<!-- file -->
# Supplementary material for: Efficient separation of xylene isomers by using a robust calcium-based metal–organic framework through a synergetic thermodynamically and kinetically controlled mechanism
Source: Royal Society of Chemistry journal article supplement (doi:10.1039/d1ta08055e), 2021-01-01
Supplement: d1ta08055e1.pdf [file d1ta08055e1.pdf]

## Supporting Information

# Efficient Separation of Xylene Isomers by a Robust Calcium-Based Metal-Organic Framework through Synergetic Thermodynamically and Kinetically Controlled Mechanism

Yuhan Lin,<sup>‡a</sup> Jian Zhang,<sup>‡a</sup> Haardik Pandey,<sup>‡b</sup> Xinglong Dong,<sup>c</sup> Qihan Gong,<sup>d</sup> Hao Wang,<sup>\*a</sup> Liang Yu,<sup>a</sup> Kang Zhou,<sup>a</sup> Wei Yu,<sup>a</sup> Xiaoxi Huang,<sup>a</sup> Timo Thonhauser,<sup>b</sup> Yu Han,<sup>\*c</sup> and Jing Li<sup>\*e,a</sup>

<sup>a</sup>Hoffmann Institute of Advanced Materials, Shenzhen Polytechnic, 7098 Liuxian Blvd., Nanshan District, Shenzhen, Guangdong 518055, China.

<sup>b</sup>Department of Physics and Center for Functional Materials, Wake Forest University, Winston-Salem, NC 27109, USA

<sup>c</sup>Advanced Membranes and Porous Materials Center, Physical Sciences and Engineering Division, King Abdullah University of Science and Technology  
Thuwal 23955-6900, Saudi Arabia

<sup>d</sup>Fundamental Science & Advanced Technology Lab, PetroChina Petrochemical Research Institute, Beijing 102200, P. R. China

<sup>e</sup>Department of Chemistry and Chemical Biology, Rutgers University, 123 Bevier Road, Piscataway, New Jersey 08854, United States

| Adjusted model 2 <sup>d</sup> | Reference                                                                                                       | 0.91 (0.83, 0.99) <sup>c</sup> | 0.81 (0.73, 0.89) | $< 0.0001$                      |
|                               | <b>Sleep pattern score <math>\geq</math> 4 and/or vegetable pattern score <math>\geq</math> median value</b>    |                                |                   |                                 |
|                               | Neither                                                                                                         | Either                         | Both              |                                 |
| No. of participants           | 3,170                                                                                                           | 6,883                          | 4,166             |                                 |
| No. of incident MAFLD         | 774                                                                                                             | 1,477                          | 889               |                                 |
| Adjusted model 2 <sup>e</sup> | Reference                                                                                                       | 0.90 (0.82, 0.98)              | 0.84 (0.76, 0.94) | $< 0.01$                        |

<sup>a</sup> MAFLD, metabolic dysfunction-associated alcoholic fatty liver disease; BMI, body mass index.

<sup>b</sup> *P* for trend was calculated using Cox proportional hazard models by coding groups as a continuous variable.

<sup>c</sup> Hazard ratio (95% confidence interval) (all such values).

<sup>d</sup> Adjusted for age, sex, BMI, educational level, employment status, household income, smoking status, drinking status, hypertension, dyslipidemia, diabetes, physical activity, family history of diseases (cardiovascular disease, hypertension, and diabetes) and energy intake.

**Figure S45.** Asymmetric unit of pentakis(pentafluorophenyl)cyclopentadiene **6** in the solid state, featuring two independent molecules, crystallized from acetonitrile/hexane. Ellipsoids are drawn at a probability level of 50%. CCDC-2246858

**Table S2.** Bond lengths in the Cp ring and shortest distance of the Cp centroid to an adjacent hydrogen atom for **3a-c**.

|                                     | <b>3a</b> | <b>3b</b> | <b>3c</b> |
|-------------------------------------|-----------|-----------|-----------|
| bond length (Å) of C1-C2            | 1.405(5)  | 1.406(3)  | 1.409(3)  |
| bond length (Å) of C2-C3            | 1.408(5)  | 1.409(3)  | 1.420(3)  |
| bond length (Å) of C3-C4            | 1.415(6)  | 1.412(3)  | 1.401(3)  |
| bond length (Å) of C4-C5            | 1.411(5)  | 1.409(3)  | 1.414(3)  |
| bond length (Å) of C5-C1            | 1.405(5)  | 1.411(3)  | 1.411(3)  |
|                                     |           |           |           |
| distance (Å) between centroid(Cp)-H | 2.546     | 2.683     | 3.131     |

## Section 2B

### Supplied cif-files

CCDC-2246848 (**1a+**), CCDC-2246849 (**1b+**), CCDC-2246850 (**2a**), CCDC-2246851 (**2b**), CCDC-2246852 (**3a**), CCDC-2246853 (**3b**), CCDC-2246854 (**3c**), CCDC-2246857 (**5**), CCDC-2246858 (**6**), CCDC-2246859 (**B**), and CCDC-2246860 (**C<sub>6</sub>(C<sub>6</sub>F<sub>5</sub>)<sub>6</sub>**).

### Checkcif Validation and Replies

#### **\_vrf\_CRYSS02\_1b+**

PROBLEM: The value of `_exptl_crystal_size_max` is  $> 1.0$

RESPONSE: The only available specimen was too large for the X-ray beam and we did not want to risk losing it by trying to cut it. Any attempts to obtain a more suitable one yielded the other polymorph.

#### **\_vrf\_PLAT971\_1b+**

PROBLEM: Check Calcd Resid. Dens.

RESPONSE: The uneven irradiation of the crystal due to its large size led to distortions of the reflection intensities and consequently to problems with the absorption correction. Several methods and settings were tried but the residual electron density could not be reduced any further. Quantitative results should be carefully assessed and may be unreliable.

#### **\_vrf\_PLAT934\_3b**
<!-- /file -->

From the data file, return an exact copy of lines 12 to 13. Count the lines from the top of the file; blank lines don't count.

<sup>e</sup>Department of Chemistry and Chemical Biology, Rutgers University, 123 Bevier Road, Piscataway, New Jersey 08854, United States

| Adjusted model 2 <sup>d</sup> | Reference                                                                                                       | 0.91 (0.83, 0.99) <sup>c</sup> | 0.81 (0.73, 0.89) | $< 0.0001$                      |